Tartan DahliasTartan DahliasTartan Dahlias

Tartan Dahlia Tubers

Dahlia Tartan (Decorative)Plant guarantee for 1 yearFeefo logo

The details

  • Colour: blackcurrant and white
  • Flower size: 15-20cm
  • Type: decorative dinnerplate
  • Cutting: yes
  • Height/spread; 110cm x 70cm
  • Flowering: July to November
  • Planting months: end Feb to July
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£ 4.80

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Tartan: Decorative Dahlia Tubers

With its mesmerising swirl of vivid stripes, Tartan is a classic dinnerplate Dahlia that will turn heads and invite comment. The long, wavy petals are deep, luscious blackcurrant - almost black at the centre - and pure bright white, on flowers up to 20cm across. It's tall, too, growing up to 110cm, with fresh green foliage and stems.
Browse our other Decorative Dahlias or our full range of Dahlias here.


  • Colour: Blackcurrant and white
  • Flower size: 15-20cm
  • Type: Decorative dinnerplate
  • Cutting: Yes
  • Height/spread; 110cm x 70cm
  • Outdoor Planting Months: March to July

Growing Tartan Dahlias

Tartan is a bit big for anything other than a very large pot, 10 litres is probably the minimum you can get away with.

All dahlias do best in deep rich soil with good drainage in a sunny spot. If it is windy they will need staking. They are greedy, thirsty plants so will need watering in dry spells, and they will always flower that little bit better if there is a bit of soluble food in the watering can once every couple of weeks.

It is generally more convenient to put support stakes in at planting time, rather than leaving it until there is foliage in the way.

Planting Companions for Tartan

In a border, it would work well with a pure-white dahlia, preferably with a simpler flower shape - try a waterlily such as Le Castel for a pleasing contrast. Dahlias also look lovely with grasses, bringing a more relaxed, informal meadow feel. Something with fluffy white or purple flowerheads would look good with Tartan, one of the pretty pennisetums perhaps.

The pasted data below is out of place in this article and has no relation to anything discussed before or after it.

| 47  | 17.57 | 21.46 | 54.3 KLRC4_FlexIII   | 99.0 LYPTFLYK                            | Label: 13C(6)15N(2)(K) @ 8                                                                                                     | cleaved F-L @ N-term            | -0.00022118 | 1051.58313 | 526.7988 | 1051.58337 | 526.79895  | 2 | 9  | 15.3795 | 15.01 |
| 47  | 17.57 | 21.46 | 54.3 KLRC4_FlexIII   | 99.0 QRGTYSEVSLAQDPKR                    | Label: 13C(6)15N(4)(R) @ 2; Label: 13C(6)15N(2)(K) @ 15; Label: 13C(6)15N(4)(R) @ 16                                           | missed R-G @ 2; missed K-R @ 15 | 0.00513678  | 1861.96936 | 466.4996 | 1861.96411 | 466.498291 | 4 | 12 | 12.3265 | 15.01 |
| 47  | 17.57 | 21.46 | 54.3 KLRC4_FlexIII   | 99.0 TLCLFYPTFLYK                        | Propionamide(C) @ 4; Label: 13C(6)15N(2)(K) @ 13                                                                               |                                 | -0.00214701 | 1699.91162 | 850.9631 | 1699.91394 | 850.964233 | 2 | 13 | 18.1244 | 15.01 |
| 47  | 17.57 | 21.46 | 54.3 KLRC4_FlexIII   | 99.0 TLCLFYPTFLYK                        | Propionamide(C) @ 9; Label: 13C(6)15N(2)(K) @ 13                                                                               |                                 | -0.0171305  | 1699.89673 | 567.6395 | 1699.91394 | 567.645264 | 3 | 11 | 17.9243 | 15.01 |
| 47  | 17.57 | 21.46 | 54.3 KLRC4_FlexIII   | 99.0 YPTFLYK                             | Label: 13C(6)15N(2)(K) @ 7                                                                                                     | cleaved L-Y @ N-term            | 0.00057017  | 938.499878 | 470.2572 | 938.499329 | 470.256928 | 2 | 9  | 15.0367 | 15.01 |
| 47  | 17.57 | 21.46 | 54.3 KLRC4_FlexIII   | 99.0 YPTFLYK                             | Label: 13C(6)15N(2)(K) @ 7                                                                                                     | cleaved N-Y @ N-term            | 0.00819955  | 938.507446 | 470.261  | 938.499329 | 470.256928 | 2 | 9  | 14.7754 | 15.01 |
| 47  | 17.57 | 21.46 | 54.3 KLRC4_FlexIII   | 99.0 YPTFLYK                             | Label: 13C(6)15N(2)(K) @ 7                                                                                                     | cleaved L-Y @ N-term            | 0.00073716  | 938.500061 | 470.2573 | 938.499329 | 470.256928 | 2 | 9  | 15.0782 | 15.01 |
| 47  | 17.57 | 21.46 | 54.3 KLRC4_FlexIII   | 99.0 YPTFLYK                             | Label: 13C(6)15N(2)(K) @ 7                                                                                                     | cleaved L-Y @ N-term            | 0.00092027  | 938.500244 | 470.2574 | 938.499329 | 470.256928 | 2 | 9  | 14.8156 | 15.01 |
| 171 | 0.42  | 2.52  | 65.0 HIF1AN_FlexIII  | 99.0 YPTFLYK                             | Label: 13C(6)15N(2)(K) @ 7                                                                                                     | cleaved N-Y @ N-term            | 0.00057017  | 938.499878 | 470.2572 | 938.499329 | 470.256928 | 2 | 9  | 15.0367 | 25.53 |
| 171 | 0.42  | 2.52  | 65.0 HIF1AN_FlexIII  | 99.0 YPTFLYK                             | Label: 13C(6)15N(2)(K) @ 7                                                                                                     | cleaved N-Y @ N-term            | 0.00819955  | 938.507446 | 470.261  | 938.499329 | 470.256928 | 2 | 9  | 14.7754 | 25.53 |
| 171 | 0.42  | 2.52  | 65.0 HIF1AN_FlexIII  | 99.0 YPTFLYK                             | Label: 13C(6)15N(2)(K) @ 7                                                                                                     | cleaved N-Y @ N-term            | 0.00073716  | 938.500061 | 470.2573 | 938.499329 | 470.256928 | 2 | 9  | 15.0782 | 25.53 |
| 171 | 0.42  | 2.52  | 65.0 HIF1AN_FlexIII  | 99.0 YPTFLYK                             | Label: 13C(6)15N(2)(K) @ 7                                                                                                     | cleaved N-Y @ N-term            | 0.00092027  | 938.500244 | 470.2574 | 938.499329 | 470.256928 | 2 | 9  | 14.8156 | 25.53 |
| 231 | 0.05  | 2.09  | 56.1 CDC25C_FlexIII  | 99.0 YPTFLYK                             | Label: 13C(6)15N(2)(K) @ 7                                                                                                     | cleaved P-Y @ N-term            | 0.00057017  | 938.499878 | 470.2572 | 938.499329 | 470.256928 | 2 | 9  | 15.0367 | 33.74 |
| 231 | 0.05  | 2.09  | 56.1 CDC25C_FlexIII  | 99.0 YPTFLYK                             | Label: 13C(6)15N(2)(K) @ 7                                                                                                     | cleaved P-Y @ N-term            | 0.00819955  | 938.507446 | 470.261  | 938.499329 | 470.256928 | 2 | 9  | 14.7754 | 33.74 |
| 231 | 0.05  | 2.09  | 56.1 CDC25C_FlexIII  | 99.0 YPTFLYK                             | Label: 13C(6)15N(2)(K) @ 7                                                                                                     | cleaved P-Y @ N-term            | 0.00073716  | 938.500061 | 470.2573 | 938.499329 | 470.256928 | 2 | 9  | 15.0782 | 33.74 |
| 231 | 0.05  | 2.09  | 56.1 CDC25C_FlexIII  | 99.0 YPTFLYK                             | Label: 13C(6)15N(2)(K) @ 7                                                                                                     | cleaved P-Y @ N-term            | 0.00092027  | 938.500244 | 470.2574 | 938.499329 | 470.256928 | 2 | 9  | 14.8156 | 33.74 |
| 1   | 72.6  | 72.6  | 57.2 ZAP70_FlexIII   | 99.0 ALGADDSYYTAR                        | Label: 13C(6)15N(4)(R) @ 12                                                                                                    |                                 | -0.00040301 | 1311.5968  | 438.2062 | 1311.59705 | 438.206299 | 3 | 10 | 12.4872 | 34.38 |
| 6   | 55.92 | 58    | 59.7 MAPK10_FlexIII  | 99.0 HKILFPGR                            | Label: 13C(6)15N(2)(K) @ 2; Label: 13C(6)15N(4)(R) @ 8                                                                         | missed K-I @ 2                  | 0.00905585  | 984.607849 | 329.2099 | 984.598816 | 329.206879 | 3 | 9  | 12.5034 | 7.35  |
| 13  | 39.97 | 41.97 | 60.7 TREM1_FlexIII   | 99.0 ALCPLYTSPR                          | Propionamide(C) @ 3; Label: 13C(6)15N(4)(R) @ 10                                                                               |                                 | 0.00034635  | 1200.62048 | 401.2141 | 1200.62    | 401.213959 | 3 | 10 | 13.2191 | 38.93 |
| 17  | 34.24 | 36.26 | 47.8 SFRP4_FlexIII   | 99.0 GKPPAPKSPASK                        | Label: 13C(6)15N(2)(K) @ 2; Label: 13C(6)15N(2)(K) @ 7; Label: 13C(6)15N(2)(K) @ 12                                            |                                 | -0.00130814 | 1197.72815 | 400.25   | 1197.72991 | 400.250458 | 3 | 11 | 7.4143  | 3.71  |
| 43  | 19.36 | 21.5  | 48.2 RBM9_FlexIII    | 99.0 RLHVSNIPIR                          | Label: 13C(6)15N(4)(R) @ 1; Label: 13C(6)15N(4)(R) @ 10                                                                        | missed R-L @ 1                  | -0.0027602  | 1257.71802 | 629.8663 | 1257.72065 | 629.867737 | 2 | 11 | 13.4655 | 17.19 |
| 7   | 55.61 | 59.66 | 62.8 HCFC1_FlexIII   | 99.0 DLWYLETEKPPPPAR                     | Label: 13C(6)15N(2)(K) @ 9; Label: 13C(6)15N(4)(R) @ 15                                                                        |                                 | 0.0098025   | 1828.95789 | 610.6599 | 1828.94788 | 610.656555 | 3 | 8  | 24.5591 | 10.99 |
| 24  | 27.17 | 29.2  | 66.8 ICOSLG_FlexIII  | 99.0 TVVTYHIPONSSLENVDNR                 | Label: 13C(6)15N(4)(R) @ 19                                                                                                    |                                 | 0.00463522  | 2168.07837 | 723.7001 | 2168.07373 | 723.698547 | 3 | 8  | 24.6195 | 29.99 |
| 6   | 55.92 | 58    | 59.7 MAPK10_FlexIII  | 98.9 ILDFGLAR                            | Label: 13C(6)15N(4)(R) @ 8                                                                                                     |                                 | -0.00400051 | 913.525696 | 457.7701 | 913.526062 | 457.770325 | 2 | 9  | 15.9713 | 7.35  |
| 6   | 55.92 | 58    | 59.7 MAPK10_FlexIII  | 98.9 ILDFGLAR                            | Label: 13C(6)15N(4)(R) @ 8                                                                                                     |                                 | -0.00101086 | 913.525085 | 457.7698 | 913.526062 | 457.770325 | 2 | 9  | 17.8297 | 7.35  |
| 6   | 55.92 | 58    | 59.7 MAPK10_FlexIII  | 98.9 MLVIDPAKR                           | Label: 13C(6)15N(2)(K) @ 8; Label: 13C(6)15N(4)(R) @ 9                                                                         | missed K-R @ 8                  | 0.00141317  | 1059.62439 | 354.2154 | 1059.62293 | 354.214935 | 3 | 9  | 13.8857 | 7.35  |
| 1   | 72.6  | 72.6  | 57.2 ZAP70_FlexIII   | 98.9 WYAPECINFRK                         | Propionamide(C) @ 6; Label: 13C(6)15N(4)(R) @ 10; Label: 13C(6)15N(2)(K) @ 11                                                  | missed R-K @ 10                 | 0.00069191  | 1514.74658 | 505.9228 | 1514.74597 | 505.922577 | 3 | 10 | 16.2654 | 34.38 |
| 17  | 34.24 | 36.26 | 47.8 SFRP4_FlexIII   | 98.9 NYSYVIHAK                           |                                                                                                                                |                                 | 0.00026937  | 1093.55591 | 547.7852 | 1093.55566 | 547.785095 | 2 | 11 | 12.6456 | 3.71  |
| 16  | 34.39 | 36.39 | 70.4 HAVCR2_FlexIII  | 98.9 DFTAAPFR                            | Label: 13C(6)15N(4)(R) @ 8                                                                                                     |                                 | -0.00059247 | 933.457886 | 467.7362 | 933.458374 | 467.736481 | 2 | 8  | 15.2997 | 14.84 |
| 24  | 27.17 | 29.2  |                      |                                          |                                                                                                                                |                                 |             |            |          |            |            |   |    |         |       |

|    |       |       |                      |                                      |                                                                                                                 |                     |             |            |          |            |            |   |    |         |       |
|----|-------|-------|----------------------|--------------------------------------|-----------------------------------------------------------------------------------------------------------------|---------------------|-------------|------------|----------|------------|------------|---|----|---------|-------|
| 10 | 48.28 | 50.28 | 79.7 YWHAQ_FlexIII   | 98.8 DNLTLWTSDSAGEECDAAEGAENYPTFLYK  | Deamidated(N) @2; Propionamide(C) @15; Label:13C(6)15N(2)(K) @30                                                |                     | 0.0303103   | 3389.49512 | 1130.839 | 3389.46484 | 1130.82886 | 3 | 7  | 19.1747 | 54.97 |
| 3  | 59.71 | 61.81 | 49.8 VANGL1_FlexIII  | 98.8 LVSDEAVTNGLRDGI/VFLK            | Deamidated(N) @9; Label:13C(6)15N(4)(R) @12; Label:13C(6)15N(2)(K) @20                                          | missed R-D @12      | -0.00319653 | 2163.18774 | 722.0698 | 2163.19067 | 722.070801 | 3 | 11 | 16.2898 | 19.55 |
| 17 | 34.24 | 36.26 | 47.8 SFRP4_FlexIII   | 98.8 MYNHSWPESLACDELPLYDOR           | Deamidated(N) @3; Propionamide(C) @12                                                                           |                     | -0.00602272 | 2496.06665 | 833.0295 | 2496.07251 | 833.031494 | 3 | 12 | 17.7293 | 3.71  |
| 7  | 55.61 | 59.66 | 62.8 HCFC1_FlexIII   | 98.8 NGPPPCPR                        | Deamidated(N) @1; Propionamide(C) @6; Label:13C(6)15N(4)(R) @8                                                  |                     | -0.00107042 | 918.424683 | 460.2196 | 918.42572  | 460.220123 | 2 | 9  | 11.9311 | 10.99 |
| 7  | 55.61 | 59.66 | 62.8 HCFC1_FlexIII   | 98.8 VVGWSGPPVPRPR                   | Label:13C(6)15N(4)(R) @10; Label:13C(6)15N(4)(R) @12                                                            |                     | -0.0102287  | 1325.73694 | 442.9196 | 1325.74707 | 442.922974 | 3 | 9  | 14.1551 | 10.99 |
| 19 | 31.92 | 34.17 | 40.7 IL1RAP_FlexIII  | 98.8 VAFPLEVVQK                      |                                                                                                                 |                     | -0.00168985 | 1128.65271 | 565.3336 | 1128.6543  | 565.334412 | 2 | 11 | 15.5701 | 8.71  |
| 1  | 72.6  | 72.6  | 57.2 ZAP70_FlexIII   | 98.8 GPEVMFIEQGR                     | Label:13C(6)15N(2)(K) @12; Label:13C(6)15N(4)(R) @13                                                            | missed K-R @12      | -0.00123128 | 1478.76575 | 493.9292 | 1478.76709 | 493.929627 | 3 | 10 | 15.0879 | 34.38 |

Did You Know?

Introduced back in 1950 by a New Zealand breeder with the ironic name of Frost (which usually kills Dahlias), it is just old enough to qualify for the unofficial status of a heritage variety.

Although versions of tartan cloth have existed among Celtic populations across their huge ancestral range for centuries, the association of specific, modern patterns with Scottish clans was a 19th century aristocratic fashion that was projected backwards in history by artists. In the film Braveheart, renowned as one of the more historically inaccurate blockbusters, the Scots wear clan tartans over their shoulders, which has been described as equivalent to a film portraying cowboys wearing modern suit jackets backwards.

Planting Instructions

If you ignore seed, Dahlias can be planted at three stages: as tubers, rooted cuttings and pot-grown plants.

Tubers can be planted at any time from March onwards. The hole should be at least double the diameter of the tuber laid out on the ground. Incorporate about 25% well rotted compost and if drainage is in any way doubtful then add plenty of horticultural grit as well. Plant one tuber per hole, leaving 60-80 cms between plants (depending on final size) and make sure the tuber is covered with 10-12 cms (4-5") of soil. This is important as it will insulate the tuber against frosts in March-May as they will take a couple of months to show.

Rooted cuttings, which are available from early April onwards, will need to be potted up and kept in a sunny and frost free place until they are ready to be planted out in mid May. Their treatment then is the same as for tubers except they are planted level with rather than 10 cms below the surrounding soil level.

Pot grown plants are not delivered until June, and are then planted out immediately in the same way as an established rooted cutting.

The more you deadhead, the more flowers you'll get.